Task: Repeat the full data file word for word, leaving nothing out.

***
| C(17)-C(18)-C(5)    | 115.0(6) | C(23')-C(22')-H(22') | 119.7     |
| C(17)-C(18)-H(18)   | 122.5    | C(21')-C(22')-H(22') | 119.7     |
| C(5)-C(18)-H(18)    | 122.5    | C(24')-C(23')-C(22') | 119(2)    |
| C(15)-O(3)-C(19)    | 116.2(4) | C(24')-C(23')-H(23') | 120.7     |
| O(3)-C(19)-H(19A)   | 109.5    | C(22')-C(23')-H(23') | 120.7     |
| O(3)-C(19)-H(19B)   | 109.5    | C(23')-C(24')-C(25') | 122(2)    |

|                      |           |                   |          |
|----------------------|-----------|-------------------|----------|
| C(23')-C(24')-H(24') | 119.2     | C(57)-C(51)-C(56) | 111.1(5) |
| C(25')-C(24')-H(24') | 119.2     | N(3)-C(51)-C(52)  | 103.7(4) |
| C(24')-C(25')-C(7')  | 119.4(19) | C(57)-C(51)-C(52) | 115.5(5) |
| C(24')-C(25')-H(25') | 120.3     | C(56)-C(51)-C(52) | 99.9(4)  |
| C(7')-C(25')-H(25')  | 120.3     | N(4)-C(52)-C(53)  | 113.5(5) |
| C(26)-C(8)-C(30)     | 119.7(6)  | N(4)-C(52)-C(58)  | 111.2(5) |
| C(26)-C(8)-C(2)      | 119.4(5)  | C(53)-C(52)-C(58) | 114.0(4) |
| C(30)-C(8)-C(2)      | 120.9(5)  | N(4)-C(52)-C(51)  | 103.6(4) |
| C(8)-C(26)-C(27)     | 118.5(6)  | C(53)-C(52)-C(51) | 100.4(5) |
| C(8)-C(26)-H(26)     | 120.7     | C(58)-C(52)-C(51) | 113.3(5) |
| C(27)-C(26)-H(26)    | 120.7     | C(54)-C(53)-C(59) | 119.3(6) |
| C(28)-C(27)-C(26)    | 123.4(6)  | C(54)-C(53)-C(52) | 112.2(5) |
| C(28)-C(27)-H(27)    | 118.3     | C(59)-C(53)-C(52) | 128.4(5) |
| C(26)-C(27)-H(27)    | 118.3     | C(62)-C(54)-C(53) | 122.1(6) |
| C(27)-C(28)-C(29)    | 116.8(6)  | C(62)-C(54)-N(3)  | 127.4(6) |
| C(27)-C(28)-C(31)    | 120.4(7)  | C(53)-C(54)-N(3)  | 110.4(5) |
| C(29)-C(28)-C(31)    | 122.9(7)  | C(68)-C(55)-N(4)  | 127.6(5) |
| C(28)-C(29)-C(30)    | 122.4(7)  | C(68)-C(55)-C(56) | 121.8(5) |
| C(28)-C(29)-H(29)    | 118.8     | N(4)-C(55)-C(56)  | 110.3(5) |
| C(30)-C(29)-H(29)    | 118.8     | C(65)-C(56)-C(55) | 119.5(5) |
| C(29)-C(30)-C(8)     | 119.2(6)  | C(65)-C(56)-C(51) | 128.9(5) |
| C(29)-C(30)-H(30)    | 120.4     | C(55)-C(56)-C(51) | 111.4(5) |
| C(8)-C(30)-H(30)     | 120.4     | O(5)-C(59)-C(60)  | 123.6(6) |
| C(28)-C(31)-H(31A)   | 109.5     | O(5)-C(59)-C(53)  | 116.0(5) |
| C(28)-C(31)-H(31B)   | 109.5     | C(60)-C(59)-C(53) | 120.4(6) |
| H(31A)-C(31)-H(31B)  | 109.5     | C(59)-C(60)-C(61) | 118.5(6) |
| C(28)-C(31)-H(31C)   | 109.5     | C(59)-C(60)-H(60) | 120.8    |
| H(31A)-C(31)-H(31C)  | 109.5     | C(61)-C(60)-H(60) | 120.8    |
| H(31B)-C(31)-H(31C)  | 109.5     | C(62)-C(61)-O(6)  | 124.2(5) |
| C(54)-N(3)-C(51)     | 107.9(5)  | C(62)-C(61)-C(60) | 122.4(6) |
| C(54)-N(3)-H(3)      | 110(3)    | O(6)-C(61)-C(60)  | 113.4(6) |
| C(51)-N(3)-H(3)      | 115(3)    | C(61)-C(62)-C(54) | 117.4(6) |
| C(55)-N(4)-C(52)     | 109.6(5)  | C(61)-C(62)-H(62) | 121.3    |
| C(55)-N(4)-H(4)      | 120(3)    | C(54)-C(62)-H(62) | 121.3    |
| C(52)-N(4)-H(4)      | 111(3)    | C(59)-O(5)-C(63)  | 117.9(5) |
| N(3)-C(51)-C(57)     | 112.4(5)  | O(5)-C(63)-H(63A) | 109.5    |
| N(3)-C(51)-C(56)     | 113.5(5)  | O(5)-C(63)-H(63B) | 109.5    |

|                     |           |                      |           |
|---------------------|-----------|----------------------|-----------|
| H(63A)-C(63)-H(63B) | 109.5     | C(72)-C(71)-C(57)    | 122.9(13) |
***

| C(17)-C(18)-C(5)    | 115.0(6) | C(23')-C(22')-H(22') | 119.7     |
| C(17)-C(18)-H(18)   | 122.5    | C(21')-C(22')-H(22') | 119.7     |
| C(5)-C(18)-H(18)    | 122.5    | C(24')-C(23')-C(22') | 119(2)    |
| C(15)-O(3)-C(19)    | 116.2(4) | C(24')-C(23')-H(23') | 120.7     |
| O(3)-C(19)-H(19A)   | 109.5    | C(22')-C(23')-H(23') | 120.7     |
| O(3)-C(19)-H(19B)   | 109.5    | C(23')-C(24')-C(25') | 122(2)    |

|                      |           |                   |          |
|----------------------|-----------|-------------------|----------|
| C(23')-C(24')-H(24') | 119.2     | C(57)-C(51)-C(56) | 111.1(5) |
| C(25')-C(24')-H(24') | 119.2     | N(3)-C(51)-C(52)  | 103.7(4) |
| C(24')-C(25')-C(7')  | 119.4(19) | C(57)-C(51)-C(52) | 115.5(5) |
| C(24')-C(25')-H(25') | 120.3     | C(56)-C(51)-C(52) | 99.9(4)  |
| C(7')-C(25')-H(25')  | 120.3     | N(4)-C(52)-C(53)  | 113.5(5) |
| C(26)-C(8)-C(30)     | 119.7(6)  | N(4)-C(52)-C(58)  | 111.2(5) |
| C(26)-C(8)-C(2)      | 119.4(5)  | C(53)-C(52)-C(58) | 114.0(4) |
| C(30)-C(8)-C(2)      | 120.9(5)  | N(4)-C(52)-C(51)  | 103.6(4) |
| C(8)-C(26)-C(27)     | 118.5(6)  | C(53)-C(52)-C(51) | 100.4(5) |
| C(8)-C(26)-H(26)     | 120.7     | C(58)-C(52)-C(51) | 113.3(5) |
| C(27)-C(26)-H(26)    | 120.7     | C(54)-C(53)-C(59) | 119.3(6) |
| C(28)-C(27)-C(26)    | 123.4(6)  | C(54)-C(53)-C(52) | 112.2(5) |
| C(28)-C(27)-H(27)    | 118.3     | C(59)-C(53)-C(52) | 128.4(5) |
| C(26)-C(27)-H(27)    | 118.3     | C(62)-C(54)-C(53) | 122.1(6) |
| C(27)-C(28)-C(29)    | 116.8(6)  | C(62)-C(54)-N(3)  | 127.4(6) |
| C(27)-C(28)-C(31)    | 120.4(7)  | C(53)-C(54)-N(3)  | 110.4(5) |
| C(29)-C(28)-C(31)    | 122.9(7)  | C(68)-C(55)-N(4)  | 127.6(5) |
| C(28)-C(29)-C(30)    | 122.4(7)  | C(68)-C(55)-C(56) | 121.8(5) |
| C(28)-C(29)-H(29)    | 118.8     | N(4)-C(55)-C(56)  | 110.3(5) |
| C(30)-C(29)-H(29)    | 118.8     | C(65)-C(56)-C(55) | 119.5(5) |
| C(29)-C(30)-C(8)     | 119.2(6)  | C(65)-C(56)-C(51) | 128.9(5) |
| C(29)-C(30)-H(30)    | 120.4     | C(55)-C(56)-C(51) | 111.4(5) |
| C(8)-C(30)-H(30)     | 120.4     | O(5)-C(59)-C(60)  | 123.6(6) |
| C(28)-C(31)-H(31A)   | 109.5     | O(5)-C(59)-C(53)  | 116.0(5) |
| C(28)-C(31)-H(31B)   | 109.5     | C(60)-C(59)-C(53) | 120.4(6) |
| H(31A)-C(31)-H(31B)  | 109.5     | C(59)-C(60)-C(61) | 118.5(6) |
| C(28)-C(31)-H(31C)   | 109.5     | C(59)-C(60)-H(60) | 120.8    |
| H(31A)-C(31)-H(31C)  | 109.5     | C(61)-C(60)-H(60) | 120.8    |
| H(31B)-C(31)-H(31C)  | 109.5     | C(62)-C(61)-O(6)  | 124.2(5) |
| C(54)-N(3)-C(51)     | 107.9(5)  | C(62)-C(61)-C(60) | 122.4(6) |
| C(54)-N(3)-H(3)      | 110(3)    | O(6)-C(61)-C(60)  | 113.4(6) |
| C(51)-N(3)-H(3)      | 115(3)    | C(61)-C(62)-C(54) | 117.4(6) |
| C(55)-N(4)-C(52)     | 109.6(5)  | C(61)-C(62)-H(62) | 121.3    |
| C(55)-N(4)-H(4)      | 120(3)    | C(54)-C(62)-H(62) | 121.3    |
| C(52)-N(4)-H(4)      | 111(3)    | C(59)-O(5)-C(63)  | 117.9(5) |
| N(3)-C(51)-C(57)     | 112.4(5)  | O(5)-C(63)-H(63A) | 109.5    |
| N(3)-C(51)-C(56)     | 113.5(5)  | O(5)-C(63)-H(63B) | 109.5    |

|                     |           |                      |           |
|---------------------|-----------|----------------------|-----------|
| H(63A)-C(63)-H(63B) | 109.5     | C(72)-C(71)-C(57)    | 122.9(13) |